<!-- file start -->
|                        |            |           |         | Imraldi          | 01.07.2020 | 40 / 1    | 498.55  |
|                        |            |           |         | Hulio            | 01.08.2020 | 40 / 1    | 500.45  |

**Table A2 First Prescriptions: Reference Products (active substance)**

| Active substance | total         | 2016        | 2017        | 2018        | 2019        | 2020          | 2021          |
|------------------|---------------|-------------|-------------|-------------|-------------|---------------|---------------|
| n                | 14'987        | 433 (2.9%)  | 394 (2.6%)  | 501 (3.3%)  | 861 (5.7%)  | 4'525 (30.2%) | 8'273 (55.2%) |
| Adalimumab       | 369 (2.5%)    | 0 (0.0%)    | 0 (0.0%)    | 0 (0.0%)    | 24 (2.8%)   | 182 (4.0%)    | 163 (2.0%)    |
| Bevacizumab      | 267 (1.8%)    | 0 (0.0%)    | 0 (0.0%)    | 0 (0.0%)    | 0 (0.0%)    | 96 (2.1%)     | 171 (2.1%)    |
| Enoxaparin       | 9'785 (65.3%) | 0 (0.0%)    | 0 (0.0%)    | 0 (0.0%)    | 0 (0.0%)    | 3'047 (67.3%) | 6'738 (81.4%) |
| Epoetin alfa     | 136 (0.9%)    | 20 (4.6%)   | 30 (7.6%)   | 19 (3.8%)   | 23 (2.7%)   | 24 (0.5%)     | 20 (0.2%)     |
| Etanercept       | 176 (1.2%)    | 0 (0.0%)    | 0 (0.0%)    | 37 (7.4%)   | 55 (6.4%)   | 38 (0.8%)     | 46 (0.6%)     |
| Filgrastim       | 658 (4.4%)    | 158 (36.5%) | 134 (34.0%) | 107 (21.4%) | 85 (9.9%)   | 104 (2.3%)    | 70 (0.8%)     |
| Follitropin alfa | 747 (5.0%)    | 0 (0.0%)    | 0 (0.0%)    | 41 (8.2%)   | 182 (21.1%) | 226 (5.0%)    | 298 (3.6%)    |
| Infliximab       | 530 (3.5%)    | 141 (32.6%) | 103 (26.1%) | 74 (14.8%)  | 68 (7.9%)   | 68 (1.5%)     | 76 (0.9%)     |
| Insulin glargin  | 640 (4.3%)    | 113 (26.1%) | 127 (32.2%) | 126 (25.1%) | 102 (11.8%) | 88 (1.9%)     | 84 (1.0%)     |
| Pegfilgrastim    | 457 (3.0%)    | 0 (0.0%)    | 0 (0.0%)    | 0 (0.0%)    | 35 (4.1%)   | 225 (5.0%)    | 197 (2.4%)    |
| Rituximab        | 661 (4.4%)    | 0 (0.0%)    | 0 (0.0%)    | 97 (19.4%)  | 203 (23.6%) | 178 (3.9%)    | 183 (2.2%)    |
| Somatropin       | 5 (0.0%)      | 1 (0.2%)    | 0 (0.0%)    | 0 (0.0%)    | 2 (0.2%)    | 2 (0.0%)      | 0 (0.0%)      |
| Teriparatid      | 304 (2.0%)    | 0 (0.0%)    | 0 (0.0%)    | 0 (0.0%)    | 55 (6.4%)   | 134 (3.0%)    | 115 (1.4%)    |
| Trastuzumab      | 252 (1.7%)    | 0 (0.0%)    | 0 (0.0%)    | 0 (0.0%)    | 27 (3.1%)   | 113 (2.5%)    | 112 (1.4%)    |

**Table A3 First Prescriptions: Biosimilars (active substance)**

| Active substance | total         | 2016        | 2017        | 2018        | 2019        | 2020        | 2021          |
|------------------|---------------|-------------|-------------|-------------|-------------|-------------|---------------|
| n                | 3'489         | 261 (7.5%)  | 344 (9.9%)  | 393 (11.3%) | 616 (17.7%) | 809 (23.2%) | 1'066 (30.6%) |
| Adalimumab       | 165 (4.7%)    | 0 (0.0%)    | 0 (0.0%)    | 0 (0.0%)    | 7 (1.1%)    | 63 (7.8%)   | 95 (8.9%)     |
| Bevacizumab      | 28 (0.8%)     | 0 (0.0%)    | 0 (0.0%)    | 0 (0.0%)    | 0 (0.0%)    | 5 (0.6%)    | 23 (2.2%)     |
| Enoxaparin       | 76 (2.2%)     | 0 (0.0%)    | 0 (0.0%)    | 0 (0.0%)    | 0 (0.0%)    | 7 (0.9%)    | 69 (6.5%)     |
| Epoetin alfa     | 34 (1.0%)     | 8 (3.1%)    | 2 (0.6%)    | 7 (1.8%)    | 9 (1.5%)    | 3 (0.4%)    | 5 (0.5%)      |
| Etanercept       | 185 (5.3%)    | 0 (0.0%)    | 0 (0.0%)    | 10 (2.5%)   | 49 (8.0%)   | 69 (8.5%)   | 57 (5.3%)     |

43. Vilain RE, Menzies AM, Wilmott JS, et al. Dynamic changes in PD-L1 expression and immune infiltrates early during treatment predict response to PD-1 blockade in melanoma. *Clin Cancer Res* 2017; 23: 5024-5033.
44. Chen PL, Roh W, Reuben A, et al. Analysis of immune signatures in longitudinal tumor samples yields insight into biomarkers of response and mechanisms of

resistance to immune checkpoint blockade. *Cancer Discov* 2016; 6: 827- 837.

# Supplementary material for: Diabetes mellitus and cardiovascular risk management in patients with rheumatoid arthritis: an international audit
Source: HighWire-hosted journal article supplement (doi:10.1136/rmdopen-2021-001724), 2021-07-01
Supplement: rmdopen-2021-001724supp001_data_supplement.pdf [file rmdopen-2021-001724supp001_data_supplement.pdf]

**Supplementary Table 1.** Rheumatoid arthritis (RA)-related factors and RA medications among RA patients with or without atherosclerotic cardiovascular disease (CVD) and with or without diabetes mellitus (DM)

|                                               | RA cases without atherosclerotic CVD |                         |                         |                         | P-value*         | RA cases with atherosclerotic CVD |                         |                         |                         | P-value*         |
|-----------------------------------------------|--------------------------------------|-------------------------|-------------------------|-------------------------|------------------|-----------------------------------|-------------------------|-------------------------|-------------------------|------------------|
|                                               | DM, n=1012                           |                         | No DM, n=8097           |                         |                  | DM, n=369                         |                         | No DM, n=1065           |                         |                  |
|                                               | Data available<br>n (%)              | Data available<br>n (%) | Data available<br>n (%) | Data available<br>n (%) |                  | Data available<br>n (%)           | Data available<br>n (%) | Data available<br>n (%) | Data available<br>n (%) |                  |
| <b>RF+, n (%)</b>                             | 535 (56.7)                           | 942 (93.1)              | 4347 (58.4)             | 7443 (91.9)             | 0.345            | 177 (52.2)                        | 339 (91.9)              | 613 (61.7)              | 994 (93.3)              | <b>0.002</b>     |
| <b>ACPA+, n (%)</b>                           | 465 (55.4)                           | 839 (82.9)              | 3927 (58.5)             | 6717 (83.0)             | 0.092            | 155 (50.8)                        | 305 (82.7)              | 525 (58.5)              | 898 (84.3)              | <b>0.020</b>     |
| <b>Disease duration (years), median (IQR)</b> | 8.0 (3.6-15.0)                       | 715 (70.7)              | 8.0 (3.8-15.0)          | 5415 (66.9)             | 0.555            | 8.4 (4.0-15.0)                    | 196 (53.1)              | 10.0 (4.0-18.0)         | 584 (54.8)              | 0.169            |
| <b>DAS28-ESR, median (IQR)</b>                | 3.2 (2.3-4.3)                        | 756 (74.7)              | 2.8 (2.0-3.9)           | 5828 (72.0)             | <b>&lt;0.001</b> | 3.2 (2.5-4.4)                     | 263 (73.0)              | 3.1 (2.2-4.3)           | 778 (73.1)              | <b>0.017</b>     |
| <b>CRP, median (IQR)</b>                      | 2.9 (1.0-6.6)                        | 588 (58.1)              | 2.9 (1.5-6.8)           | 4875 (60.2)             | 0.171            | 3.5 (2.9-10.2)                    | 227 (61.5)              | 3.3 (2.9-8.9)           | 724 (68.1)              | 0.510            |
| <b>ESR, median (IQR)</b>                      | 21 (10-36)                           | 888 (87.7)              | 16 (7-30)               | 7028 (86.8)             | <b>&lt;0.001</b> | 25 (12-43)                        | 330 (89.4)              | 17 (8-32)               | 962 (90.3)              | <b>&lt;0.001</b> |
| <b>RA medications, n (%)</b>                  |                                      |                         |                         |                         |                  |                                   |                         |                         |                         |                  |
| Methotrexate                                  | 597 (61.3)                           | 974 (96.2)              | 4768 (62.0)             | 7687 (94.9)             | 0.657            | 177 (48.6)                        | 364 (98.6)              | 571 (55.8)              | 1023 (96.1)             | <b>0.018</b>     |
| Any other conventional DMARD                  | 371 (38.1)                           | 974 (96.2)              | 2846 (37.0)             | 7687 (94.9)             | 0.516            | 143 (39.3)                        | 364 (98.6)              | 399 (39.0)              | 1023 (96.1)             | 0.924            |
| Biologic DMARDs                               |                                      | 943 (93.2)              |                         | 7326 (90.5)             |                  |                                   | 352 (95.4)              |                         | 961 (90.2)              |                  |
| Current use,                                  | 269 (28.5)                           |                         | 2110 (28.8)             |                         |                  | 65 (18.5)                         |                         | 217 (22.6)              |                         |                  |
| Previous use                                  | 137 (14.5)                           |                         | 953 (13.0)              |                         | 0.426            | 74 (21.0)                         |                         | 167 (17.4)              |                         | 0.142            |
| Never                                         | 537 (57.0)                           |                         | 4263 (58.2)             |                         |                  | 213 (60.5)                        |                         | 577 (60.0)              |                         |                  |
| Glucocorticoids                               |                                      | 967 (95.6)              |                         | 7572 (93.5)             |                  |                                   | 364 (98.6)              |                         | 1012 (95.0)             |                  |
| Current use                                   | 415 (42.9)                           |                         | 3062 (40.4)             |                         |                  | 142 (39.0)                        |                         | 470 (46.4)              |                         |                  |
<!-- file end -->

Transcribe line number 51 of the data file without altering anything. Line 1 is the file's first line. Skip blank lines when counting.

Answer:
| Current use,                                  | 269 (28.5)                           |                         | 2110 (28.8)             |                         |                  | 65 (18.5)                         |                         | 217 (22.6)              |                         |                  |